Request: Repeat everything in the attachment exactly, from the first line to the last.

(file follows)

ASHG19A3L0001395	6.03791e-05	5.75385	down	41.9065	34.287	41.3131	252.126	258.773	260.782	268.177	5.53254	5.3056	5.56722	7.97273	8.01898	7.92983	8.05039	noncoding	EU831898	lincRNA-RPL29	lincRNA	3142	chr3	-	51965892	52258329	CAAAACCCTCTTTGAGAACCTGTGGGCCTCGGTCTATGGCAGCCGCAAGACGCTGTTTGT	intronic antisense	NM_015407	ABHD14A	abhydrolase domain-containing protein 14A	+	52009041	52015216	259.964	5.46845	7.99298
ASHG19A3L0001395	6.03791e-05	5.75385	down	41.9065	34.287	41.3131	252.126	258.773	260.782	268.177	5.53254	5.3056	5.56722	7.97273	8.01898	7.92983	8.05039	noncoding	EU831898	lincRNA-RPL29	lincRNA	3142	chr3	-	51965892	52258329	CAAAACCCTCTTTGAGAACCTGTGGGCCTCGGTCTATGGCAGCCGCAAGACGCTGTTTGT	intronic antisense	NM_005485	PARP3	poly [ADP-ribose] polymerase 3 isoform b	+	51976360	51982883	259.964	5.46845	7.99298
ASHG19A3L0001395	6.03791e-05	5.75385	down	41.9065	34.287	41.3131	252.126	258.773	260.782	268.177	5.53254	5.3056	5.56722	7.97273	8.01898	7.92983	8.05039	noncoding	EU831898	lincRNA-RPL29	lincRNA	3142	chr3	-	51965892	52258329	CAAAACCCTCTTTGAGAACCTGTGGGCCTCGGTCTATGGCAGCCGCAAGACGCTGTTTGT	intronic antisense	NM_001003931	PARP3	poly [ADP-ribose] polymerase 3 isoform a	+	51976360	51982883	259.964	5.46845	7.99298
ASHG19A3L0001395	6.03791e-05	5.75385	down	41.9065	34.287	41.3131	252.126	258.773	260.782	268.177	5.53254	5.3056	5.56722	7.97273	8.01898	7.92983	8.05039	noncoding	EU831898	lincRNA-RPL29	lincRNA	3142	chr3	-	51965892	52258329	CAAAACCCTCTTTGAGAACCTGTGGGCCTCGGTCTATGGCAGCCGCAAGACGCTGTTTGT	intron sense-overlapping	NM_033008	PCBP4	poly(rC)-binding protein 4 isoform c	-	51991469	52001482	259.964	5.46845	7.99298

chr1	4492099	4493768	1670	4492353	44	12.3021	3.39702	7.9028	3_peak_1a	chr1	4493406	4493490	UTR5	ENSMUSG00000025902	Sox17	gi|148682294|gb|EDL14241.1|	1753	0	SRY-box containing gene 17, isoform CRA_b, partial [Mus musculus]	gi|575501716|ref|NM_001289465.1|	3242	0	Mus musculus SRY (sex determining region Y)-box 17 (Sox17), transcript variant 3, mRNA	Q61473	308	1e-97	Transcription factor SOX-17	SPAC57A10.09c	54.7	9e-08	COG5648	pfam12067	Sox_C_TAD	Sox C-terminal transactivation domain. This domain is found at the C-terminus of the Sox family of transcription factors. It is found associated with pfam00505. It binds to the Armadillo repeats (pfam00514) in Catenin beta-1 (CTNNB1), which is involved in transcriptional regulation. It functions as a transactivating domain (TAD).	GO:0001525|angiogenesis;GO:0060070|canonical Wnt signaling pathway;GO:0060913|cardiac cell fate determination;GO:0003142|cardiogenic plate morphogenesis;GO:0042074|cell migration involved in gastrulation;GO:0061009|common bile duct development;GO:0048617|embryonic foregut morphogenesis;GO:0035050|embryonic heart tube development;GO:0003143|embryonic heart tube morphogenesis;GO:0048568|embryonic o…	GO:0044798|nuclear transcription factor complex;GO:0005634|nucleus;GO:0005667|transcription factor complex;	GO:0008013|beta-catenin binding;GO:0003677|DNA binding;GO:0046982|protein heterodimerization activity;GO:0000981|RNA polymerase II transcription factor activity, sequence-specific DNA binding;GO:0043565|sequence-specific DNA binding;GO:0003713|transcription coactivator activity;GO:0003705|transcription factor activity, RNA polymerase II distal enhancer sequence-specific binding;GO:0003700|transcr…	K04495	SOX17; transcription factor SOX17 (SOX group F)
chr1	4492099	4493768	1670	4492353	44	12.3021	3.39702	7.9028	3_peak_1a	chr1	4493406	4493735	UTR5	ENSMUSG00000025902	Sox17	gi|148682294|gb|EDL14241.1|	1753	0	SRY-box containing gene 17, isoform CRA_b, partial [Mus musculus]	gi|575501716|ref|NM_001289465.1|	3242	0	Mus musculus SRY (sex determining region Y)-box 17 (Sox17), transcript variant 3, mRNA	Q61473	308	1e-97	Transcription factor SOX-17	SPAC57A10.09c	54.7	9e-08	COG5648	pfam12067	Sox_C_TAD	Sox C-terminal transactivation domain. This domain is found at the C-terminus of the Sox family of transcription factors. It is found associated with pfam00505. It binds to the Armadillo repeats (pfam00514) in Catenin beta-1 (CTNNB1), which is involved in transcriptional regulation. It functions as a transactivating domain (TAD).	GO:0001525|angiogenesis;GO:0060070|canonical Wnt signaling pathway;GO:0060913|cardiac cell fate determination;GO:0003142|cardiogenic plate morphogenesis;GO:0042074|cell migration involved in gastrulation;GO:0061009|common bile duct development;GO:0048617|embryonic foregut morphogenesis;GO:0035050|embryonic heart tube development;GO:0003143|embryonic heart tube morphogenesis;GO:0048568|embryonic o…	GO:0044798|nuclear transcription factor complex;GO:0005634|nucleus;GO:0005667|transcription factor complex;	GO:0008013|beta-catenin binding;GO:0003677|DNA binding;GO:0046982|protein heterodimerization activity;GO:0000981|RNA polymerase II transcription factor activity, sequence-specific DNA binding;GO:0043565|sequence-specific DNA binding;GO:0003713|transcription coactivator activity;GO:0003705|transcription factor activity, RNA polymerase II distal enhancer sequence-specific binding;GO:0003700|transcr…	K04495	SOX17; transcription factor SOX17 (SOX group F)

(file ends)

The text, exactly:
ASHG19A3L0001395	6.03791e-05	5.75385	down	41.9065	34.287	41.3131	252.126	258.773	260.782	268.177	5.53254	5.3056	5.56722	7.97273	8.01898	7.92983	8.05039	noncoding	EU831898	lincRNA-RPL29	lincRNA	3142	chr3	-	51965892	52258329	CAAAACCCTCTTTGAGAACCTGTGGGCCTCGGTCTATGGCAGCCGCAAGACGCTGTTTGT	intronic antisense	NM_015407	ABHD14A	abhydrolase domain-containing protein 14A	+	52009041	52015216	259.964	5.46845	7.99298
ASHG19A3L0001395	6.03791e-05	5.75385	down	41.9065	34.287	41.3131	252.126	258.773	260.782	268.177	5.53254	5.3056	5.56722	7.97273	8.01898	7.92983	8.05039	noncoding	EU831898	lincRNA-RPL29	lincRNA	3142	chr3	-	51965892	52258329	CAAAACCCTCTTTGAGAACCTGTGGGCCTCGGTCTATGGCAGCCGCAAGACGCTGTTTGT	intronic antisense	NM_005485	PARP3	poly [ADP-ribose] polymerase 3 isoform b	+	51976360	51982883	259.964	5.46845	7.99298
ASHG19A3L0001395	6.03791e-05	5.75385	down	41.9065	34.287	41.3131	252.126	258.773	260.782	268.177	5.53254	5.3056	5.56722	7.97273	8.01898	7.92983	8.05039	noncoding	EU831898	lincRNA-RPL29	lincRNA	3142	chr3	-	51965892	52258329	CAAAACCCTCTTTGAGAACCTGTGGGCCTCGGTCTATGGCAGCCGCAAGACGCTGTTTGT	intronic antisense	NM_001003931	PARP3	poly [ADP-ribose] polymerase 3 isoform a	+	51976360	51982883	259.964	5.46845	7.99298
ASHG19A3L0001395	6.03791e-05	5.75385	down	41.9065	34.287	41.3131	252.126	258.773	260.782	268.177	5.53254	5.3056	5.56722	7.97273	8.01898	7.92983	8.05039	noncoding	EU831898	lincRNA-RPL29	lincRNA	3142	chr3	-	51965892	52258329	CAAAACCCTCTTTGAGAACCTGTGGGCCTCGGTCTATGGCAGCCGCAAGACGCTGTTTGT	intron sense-overlapping	NM_033008	PCBP4	poly(rC)-binding protein 4 isoform c	-	51991469	52001482	259.964	5.46845	7.99298

chr1	4492099	4493768	1670	4492353	44	12.3021	3.39702	7.9028	3_peak_1a	chr1	4493406	4493490	UTR5	ENSMUSG00000025902	Sox17	gi|148682294|gb|EDL14241.1|	1753	0	SRY-box containing gene 17, isoform CRA_b, partial [Mus musculus]	gi|575501716|ref|NM_001289465.1|	3242	0	Mus musculus SRY (sex determining region Y)-box 17 (Sox17), transcript variant 3, mRNA	Q61473	308	1e-97	Transcription factor SOX-17	SPAC57A10.09c	54.7	9e-08	COG5648	pfam12067	Sox_C_TAD	Sox C-terminal transactivation domain. This domain is found at the C-terminus of the Sox family of transcription factors. It is found associated with pfam00505. It binds to the Armadillo repeats (pfam00514) in Catenin beta-1 (CTNNB1), which is involved in transcriptional regulation. It functions as a transactivating domain (TAD).	GO:0001525|angiogenesis;GO:0060070|canonical Wnt signaling pathway;GO:0060913|cardiac cell fate determination;GO:0003142|cardiogenic plate morphogenesis;GO:0042074|cell migration involved in gastrulation;GO:0061009|common bile duct development;GO:0048617|embryonic foregut morphogenesis;GO:0035050|embryonic heart tube development;GO:0003143|embryonic heart tube morphogenesis;GO:0048568|embryonic o…	GO:0044798|nuclear transcription factor complex;GO:0005634|nucleus;GO:0005667|transcription factor complex;	GO:0008013|beta-catenin binding;GO:0003677|DNA binding;GO:0046982|protein heterodimerization activity;GO:0000981|RNA polymerase II transcription factor activity, sequence-specific DNA binding;GO:0043565|sequence-specific DNA binding;GO:0003713|transcription coactivator activity;GO:0003705|transcription factor activity, RNA polymerase II distal enhancer sequence-specific binding;GO:0003700|transcr…	K04495	SOX17; transcription factor SOX17 (SOX group F)
chr1	4492099	4493768	1670	4492353	44	12.3021	3.39702	7.9028	3_peak_1a	chr1	4493406	4493735	UTR5	ENSMUSG00000025902	Sox17	gi|148682294|gb|EDL14241.1|	1753	0	SRY-box containing gene 17, isoform CRA_b, partial [Mus musculus]	gi|575501716|ref|NM_001289465.1|	3242	0	Mus musculus SRY (sex determining region Y)-box 17 (Sox17), transcript variant 3, mRNA	Q61473	308	1e-97	Transcription factor SOX-17	SPAC57A10.09c	54.7	9e-08	COG5648	pfam12067	Sox_C_TAD	Sox C-terminal transactivation domain. This domain is found at the C-terminus of the Sox family of transcription factors. It is found associated with pfam00505. It binds to the Armadillo repeats (pfam00514) in Catenin beta-1 (CTNNB1), which is involved in transcriptional regulation. It functions as a transactivating domain (TAD).	GO:0001525|angiogenesis;GO:0060070|canonical Wnt signaling pathway;GO:0060913|cardiac cell fate determination;GO:0003142|cardiogenic plate morphogenesis;GO:0042074|cell migration involved in gastrulation;GO:0061009|common bile duct development;GO:0048617|embryonic foregut morphogenesis;GO:0035050|embryonic heart tube development;GO:0003143|embryonic heart tube morphogenesis;GO:0048568|embryonic o…	GO:0044798|nuclear transcription factor complex;GO:0005634|nucleus;GO:0005667|transcription factor complex;	GO:0008013|beta-catenin binding;GO:0003677|DNA binding;GO:0046982|protein heterodimerization activity;GO:0000981|RNA polymerase II transcription factor activity, sequence-specific DNA binding;GO:0043565|sequence-specific DNA binding;GO:0003713|transcription coactivator activity;GO:0003705|transcription factor activity, RNA polymerase II distal enhancer sequence-specific binding;GO:0003700|transcr…	K04495	SOX17; transcription factor SOX17 (SOX group F)